In 1998, China announced its “go out” or “go global” policy aimed at encouraging its enterprises to invest overseas. In 2013 this policy was reinforced with China’s introduction of its One Belt, One Road (OBOR) or “Belt & Road” initiative, which seeks to enhance development and trade routes in the region, connecting China with other countries along the ancient Silk road and a new Maritime Silk Road. Significant international anxiety has been expressed about China’s global ambitions generally, and as it pertains to Africa in particular, with some calling China’s OBOR initiative “neo-colonial” and raising concerns about China’s investments in Africa serving as a possible “debt trap.” On the other hand, China’s general policy of non-interference has led African leaders to describe China’s partnership with African countries as a “win-win.”

Below we examine recent trends related to China’s activity in Africa, including China’s 2018 FOCAC pledge of US$60 billion in financing, recent commitments made at the BRICS Summit, and China’s increasing foreign direct investment (FDI) on the continent.

Forum on China-Africa Cooperation (FOCAC)

On September 3, 2018, Chinese President Xi Jinping pledged US$60 billion in financing for projects in Africa. Of this total pledge, US$15 billion will take the form of grants, infrastructure, and concessional loans; US$20 billion will be available in credit lines; US$10 billion for development financing; and US$5 billion to buy imports from Africa. China made a similar US$60 billion pledge in 2015.

At the opening ceremony, President Xi emphasized China’s “five-no” approach to Africa:

[N]o interference in African countries’ pursuit of development paths that fit their national conditions; no interference in African countries’ internal affairs; no imposition of our will on African countries; no attachment of political strings to assistance to Africa; and no seeking of selfish political gains in investment and financing cooperation with Africa.

It is China’s policy of non-interference that leads many African leaders to echo South African President Ramaphosa’s rejection of the view that a new colonialism is taking hold in Africa regarding China’s investment in Africa.
Continue Reading China in Africa: Recent Developments

By official accounts, President Trump’s November visit to China went off well with positive atmospherics, including an unprecedented (for a foreign leader) dinner inside the Forbidden City and the signing of over $250 billion of commercial deals and two-way investment agreements. On the other hand, most western analysts have quickly pointed out that much of

During the past two weeks, the U.S. Department of the Treasury’s Office of Foreign Assets Control (“OFAC”) and the U.S. Department of State have taken a number of steps toward implementing aspects of the Countering America’s Adversaries Through Sanctions Act (“CAATSA”), a major piece of sanctions legislation passed by the U.S. Congress in July and signed by President Trump in early August. These steps are in addition to those described in our client alert last month.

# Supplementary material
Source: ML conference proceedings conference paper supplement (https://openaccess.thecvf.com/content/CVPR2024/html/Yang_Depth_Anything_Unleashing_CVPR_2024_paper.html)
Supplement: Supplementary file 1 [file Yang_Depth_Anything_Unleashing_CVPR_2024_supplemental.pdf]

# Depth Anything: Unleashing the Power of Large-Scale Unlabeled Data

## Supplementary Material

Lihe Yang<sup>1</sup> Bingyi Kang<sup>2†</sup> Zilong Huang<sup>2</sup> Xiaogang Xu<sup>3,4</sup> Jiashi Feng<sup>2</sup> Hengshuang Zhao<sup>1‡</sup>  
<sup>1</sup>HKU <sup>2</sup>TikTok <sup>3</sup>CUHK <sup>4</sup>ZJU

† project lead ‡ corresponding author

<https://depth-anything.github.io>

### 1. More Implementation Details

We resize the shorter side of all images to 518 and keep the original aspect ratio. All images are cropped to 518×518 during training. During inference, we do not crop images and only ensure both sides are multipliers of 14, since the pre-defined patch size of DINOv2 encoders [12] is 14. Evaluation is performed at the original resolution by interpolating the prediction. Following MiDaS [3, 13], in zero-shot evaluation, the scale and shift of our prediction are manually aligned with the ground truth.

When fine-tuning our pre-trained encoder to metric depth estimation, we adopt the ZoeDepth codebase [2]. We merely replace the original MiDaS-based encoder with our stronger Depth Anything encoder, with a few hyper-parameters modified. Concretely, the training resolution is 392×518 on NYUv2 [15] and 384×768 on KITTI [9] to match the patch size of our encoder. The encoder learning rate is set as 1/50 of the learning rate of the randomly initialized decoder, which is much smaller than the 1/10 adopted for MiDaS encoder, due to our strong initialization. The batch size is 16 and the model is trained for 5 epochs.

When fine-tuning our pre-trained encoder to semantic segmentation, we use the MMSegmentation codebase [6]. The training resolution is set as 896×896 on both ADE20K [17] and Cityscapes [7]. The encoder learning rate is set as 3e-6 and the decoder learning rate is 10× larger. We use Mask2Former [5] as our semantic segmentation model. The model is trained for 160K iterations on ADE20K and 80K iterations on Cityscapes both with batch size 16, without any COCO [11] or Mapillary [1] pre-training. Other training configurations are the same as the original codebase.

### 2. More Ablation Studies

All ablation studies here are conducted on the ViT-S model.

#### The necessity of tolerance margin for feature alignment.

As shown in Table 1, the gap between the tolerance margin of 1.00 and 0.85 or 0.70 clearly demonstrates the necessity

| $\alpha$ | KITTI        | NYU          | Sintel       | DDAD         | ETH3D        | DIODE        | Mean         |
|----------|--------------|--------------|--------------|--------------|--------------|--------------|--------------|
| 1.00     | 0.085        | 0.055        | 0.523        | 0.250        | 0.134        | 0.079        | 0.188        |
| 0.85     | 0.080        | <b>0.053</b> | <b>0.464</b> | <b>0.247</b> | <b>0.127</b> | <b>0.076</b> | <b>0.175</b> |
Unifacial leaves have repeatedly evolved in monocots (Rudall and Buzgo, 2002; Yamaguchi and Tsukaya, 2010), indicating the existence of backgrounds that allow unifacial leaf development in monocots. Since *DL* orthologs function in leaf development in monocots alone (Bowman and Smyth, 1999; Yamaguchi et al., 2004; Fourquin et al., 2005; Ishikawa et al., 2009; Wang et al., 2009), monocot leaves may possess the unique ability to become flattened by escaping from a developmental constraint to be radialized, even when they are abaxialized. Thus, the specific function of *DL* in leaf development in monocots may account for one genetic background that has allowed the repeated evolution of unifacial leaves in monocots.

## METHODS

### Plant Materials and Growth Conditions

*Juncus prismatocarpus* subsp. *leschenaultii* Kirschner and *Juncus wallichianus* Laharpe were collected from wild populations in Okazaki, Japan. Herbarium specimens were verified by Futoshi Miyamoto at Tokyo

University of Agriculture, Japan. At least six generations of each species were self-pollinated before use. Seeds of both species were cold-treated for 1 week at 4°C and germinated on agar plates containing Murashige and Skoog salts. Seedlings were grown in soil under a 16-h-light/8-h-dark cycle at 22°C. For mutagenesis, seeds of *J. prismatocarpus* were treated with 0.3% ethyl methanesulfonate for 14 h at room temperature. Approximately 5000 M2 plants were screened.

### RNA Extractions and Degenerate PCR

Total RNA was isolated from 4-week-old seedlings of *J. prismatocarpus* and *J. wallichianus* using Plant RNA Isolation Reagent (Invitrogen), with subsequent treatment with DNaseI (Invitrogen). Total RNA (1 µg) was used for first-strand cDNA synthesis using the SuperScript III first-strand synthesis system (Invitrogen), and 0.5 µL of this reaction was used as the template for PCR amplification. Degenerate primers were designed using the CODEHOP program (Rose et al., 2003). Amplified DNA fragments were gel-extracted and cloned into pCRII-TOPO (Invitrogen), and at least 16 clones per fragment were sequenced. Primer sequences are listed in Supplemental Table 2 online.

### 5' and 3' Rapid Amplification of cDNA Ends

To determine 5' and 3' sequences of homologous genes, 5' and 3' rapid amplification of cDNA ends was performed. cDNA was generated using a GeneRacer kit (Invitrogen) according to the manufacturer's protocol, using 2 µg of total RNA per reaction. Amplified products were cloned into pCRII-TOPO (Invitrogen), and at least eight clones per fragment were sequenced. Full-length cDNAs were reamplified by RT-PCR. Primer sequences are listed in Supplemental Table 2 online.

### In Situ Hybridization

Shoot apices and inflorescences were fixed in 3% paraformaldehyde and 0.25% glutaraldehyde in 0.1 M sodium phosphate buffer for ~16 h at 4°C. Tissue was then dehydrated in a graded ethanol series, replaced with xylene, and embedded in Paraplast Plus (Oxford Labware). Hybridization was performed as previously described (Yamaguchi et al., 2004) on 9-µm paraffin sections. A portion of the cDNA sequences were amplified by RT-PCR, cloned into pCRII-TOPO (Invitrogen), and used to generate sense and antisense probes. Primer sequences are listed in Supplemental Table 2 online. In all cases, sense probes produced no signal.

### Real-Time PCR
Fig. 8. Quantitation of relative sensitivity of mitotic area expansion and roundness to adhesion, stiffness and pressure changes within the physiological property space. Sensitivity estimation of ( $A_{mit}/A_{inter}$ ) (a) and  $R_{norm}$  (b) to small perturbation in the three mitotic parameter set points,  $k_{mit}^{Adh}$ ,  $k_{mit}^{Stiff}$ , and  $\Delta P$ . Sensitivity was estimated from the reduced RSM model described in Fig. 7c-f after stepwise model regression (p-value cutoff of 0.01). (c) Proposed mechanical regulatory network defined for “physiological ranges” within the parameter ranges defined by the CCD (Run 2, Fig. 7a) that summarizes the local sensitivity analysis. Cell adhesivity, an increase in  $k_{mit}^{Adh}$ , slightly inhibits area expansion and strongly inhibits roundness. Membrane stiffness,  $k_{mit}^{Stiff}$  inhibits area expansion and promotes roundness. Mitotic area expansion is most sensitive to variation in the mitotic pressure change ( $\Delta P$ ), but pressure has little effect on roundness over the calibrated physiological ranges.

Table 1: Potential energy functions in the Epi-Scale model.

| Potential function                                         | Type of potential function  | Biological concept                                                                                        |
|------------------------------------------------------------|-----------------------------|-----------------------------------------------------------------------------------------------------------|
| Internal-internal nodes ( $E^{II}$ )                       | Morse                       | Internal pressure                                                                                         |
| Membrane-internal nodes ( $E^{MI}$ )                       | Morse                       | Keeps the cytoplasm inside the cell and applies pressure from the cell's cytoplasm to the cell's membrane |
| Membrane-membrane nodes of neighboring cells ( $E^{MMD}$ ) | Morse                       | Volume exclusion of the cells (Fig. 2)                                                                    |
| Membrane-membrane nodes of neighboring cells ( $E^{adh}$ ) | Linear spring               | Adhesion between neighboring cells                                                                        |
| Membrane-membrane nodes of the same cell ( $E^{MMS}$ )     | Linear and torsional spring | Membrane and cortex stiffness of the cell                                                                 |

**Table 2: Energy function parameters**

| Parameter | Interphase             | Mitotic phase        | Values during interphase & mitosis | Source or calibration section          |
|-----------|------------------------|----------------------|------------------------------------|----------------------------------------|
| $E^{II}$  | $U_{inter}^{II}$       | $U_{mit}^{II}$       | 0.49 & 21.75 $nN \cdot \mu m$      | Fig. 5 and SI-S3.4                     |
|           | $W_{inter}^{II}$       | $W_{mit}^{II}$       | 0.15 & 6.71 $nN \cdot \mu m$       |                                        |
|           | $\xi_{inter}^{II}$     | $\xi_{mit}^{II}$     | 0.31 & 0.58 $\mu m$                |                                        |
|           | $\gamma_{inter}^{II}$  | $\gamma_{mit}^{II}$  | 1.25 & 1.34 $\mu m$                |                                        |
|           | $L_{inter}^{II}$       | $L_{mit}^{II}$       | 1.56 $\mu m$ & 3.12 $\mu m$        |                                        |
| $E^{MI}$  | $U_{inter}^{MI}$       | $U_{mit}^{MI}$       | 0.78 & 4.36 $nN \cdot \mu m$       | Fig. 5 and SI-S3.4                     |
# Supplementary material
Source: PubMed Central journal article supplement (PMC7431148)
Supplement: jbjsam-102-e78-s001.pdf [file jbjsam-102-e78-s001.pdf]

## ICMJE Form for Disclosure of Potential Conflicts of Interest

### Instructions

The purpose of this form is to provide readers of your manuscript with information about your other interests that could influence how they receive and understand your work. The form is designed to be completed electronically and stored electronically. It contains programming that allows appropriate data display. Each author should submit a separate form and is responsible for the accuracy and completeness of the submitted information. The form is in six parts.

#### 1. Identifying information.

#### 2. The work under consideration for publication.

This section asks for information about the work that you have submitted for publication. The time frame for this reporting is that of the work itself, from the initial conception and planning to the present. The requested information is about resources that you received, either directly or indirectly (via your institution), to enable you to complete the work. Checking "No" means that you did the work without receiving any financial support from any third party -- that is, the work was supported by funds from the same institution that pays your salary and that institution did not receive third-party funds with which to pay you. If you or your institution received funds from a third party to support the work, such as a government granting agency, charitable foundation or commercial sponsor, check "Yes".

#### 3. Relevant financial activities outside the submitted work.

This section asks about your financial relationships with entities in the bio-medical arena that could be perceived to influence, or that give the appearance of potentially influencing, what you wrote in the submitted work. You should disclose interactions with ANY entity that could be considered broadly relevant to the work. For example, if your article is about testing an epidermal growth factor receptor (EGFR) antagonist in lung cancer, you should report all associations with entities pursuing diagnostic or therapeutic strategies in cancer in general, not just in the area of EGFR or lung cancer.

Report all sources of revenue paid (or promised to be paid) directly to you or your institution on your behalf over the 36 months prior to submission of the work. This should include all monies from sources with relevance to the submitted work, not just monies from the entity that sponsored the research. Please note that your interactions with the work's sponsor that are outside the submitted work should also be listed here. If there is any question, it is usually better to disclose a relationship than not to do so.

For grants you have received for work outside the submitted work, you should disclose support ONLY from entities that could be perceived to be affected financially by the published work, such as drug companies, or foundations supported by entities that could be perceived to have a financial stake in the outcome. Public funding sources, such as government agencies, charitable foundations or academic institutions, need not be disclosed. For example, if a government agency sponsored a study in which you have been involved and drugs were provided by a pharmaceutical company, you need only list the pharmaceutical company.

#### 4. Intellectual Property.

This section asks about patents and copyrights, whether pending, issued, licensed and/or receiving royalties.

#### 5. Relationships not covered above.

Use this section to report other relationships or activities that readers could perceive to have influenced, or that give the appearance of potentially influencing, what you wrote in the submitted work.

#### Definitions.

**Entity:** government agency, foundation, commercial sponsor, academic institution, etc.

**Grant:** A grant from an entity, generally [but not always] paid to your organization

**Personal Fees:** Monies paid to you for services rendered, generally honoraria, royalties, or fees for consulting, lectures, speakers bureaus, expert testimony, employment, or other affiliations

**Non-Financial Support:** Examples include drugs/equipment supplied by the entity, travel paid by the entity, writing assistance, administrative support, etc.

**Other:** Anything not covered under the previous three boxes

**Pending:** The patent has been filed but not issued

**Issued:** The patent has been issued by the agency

Specifically, as called for by CAATSA, OFAC on October 31 issued a revised Russia sectoral sanctions Directive 4 that expands the restrictions on U.S. person support for certain unconventional oil projects to reach new such projects being undertaken anywhere in the world where a sectorally sanctioned Russian energy company has a majority voting or 33 percent or greater ownership interest in the project. OFAC also issued related guidance on this expanded sanction. In addition, OFAC issued guidance on the application of secondary sanctions to foreign financial institutions and on the implementation of other measures in CAATSA.

Also with respect to CAATSA, the U.S. Department of State has issued guidance on the imposition of secondary sanctions relating to Russia’s energy export pipelines, investments in special Russian crude oil projects, and a CAATSA provision that requires the President to sanction persons who knowingly engage in significant transactions with parties affiliated with Russia’s defense and intelligence sectors.

With respect to Iran, OFAC issued amended regulations on October 31 implementing CAATSA’s requirement to impose terrorism-related sanctions with respect to officials, agents, or affiliates of Iran’s Islamic Revolutionary Guard Corps (“IRGC”).

Primary Sectoral Sanctions Targeting Russia’s Energy Sector

Since September 12, 2014, OFAC Directive 4 has prohibited U.S. persons from providing goods, services (except for financial services), or technology in support of exploration or production from deepwater, Arctic offshore, or shale projects that have the potential to produce oil in Russia or its territorial waters and that involve a sectorally sanctioned Russian energy company or an entity owned 50 percent or more, directly or indirectly, individually or in the aggregate, by one or more such companies. “U.S. persons” are legal entities organized under U.S. law and their non-U.S. branches; individual U.S. citizens and lawful permanent residents (“green-card” holders), wherever located or employed; and any persons when physically present in the United States.

Continue Reading Russia and Iran Sanctions: Recent Developments

Administration Also Revises Russia Sanctions, Terminates Most Sudan Sanctions